Here are excerpts of some remarks by Planning Board members at Tuesday’s meeting:
“This is what we are taking, potentially . . . a business that serves the public, employs people in town, pays taxes. This is what we are teaching potentially by having such a transaction as your suggest.”
“I just want to clarify that we’re not taking away any rights. They’re asking for new rights to do a commercial development and in exchange this bylaw that the town manager wrote asks for an exchange so there is a balance of development and conservation on the property. It’s a exchange that’s come up because the bylaw says, the bylaw has always said that there is striving to find a balance between conservation and development on the property. That’s always been in there.”
“So an exchange, a negotiation. A win win. Are we moving toward achieving that? It sounds like these arbitrary numbers we are throwing around, and we haven’t heard from the applicant so I have no idea. But it sounds like we are not moving toward a (balance). We are creating a demand that will not be a negotiation as much as a demand.”
“At this very moment as it stands it is [zoned] RR2. By a special permit someone could come in and put a nursing home on that property at this moment, without a conservation restriction, mind you, without opting to conserve anything they could use all of that land if it was approved.”
“[But] the owner has said he wants to keep the golf course there and open so it doesn’t feel overly restrictive to me to say, to put it, to preserve the golf course because the applicant has always said the whole goal of this project is to keep the golf course open and we all want to keep the golf course open . . . the [town manager’s proposed] bylaw seems to codify what they have been saying the want.”
“I think the view of forcing them to put it in conservation to get what the need to do the project as opposed to giving them an adequate amount to do the project with an option of getting more by putting land in conservation. Those are two different things. And I think that is where we are on the board right now between our views. We have an option vs., I don’t want to say coerced, I want to say requiring, a requirement.”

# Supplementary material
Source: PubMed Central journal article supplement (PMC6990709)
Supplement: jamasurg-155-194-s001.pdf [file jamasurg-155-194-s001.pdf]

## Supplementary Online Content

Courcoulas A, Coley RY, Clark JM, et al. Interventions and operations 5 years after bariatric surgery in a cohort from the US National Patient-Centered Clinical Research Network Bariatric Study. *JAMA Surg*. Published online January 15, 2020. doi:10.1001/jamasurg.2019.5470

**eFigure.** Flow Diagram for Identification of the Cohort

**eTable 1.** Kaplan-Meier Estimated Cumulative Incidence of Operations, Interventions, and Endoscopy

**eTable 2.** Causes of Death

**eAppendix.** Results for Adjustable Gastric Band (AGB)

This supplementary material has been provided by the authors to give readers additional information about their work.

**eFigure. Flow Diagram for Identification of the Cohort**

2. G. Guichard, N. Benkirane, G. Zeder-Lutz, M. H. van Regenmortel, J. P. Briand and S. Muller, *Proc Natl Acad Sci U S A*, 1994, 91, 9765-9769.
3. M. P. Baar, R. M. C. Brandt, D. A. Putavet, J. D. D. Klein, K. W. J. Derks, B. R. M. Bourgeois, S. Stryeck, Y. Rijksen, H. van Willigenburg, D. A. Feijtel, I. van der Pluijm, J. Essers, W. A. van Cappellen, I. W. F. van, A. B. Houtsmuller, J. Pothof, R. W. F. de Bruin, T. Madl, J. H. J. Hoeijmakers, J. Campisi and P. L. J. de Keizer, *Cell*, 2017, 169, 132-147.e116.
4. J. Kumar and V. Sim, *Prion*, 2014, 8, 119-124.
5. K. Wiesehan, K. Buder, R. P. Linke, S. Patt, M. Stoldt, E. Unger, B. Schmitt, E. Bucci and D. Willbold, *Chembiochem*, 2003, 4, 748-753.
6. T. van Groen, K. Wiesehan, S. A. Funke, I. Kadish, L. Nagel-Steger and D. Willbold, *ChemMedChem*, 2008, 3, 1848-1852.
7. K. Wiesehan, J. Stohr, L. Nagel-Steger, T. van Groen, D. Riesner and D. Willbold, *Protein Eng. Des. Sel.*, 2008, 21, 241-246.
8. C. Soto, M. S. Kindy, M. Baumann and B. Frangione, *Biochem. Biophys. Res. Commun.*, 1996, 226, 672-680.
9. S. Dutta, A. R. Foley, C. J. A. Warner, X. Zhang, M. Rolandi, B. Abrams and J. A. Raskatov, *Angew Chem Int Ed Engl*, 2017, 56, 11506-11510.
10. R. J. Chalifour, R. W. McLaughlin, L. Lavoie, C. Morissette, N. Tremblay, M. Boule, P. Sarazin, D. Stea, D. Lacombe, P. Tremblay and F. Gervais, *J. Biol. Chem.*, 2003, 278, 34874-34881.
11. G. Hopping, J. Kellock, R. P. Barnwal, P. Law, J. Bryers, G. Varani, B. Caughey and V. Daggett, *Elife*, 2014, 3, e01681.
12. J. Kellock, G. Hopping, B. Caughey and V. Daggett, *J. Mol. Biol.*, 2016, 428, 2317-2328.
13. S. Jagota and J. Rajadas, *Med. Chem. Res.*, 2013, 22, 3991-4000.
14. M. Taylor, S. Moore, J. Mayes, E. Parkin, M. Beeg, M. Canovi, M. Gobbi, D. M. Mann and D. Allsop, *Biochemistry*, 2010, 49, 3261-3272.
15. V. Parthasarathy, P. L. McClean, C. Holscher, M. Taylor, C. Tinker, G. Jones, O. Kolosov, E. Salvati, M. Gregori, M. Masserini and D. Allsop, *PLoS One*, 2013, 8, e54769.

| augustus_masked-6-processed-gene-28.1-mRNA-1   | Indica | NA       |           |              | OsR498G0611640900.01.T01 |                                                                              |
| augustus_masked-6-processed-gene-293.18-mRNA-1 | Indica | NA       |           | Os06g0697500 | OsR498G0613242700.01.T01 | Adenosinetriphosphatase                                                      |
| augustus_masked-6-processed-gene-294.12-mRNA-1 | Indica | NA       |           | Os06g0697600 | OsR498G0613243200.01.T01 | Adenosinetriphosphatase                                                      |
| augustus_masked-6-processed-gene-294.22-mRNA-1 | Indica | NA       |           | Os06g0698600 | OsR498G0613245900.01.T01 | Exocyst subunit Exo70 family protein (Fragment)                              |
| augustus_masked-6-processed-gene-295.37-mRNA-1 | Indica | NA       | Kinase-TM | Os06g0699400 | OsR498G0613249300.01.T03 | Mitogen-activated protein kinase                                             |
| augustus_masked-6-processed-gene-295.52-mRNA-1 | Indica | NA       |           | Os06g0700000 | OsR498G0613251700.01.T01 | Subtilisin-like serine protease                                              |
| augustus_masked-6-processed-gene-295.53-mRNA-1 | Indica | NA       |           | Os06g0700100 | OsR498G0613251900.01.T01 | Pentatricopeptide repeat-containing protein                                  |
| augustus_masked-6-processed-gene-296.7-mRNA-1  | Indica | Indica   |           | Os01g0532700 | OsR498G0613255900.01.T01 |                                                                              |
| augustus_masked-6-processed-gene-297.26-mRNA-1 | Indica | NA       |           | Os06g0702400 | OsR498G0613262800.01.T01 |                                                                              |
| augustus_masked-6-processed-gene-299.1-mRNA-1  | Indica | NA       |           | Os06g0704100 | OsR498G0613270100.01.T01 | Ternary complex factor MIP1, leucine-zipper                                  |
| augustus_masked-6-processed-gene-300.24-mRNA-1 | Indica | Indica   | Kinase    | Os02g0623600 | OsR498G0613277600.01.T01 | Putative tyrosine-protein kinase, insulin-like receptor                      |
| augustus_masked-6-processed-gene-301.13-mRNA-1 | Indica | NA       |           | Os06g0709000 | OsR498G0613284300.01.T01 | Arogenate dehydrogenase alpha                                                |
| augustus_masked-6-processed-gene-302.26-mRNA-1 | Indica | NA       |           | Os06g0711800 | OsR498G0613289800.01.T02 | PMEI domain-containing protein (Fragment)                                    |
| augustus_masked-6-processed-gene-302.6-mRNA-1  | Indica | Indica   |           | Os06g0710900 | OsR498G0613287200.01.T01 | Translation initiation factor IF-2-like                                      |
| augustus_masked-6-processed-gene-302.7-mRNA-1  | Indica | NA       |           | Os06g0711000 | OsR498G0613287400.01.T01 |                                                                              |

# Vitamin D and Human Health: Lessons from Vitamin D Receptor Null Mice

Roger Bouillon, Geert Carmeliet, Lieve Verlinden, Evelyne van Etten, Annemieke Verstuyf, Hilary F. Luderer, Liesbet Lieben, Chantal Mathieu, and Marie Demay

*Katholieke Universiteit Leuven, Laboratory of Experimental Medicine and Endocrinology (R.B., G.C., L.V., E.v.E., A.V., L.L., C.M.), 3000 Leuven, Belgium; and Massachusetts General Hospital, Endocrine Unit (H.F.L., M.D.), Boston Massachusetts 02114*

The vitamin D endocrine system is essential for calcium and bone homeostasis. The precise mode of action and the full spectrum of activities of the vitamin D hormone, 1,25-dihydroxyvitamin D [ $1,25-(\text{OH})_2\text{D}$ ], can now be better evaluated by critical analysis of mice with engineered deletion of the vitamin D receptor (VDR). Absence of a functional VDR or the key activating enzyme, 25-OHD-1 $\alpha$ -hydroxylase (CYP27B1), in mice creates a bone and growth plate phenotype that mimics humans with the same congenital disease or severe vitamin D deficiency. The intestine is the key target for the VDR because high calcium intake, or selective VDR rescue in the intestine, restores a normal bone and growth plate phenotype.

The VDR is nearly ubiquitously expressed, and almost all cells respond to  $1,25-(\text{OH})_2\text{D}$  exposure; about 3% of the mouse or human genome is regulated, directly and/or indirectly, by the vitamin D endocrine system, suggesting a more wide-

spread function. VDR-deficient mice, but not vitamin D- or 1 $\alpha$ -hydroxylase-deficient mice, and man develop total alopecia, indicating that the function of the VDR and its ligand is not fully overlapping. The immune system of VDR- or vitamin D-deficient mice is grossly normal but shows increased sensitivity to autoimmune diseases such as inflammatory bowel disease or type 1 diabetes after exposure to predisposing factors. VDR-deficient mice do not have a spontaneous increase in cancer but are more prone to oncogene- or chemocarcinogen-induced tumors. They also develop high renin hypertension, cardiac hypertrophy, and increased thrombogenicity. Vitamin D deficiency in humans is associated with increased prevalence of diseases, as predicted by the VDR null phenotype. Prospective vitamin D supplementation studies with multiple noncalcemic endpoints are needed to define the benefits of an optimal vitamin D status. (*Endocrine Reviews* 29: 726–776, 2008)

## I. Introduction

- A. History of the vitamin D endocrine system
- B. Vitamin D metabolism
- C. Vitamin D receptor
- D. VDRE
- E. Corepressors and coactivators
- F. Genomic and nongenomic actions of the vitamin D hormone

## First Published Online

“So well said. Point well taken. What we’re trying to do is create an amendment that can be made on the floor that will pass by a two-thirds vote at town meeting and we’ve heard from various, we’ve heard from the applicant in public hearing and heard from people in the neighborhood who want to preserve the golf course. So basically we want to support the development of an inn that provides for the long-term viability of the golf course because that is what the citizens seem to want and need.
“But there is another group that wants to protect our scenic and environmental area as well and continue to preserve that legacy and it seems that to make everybody happy there has to be some sort of protection put in at some point in this bylaw. It doesn’t seem like we’re there yet or are entirely in agreement at this point. We don’t have the number of square feet that we think a country inn and all the attendant necessary rooms, banquet halls and the rest of the support buildings for the golf course itself, sheds for keeping golf carts etc. Maybe we do have to expand this 20,000square-foot number.
“And so we want to keep our applicant happy with the permission for an inn of a certain size, we want to keep the long-term viability of the golf course for the golf-course people and we also want to protect the scenic and environmental. So we have three things that we are working in here, in mind here. And we have to keep this in mind because this is the only way this is going to pass at town meeting. So we can sit here and quibble about what we should put, whether it should be this size in conservation right now or that size but I think we just have to keep the big picture of those important three aspects of this project in mind as we go forward at this point.”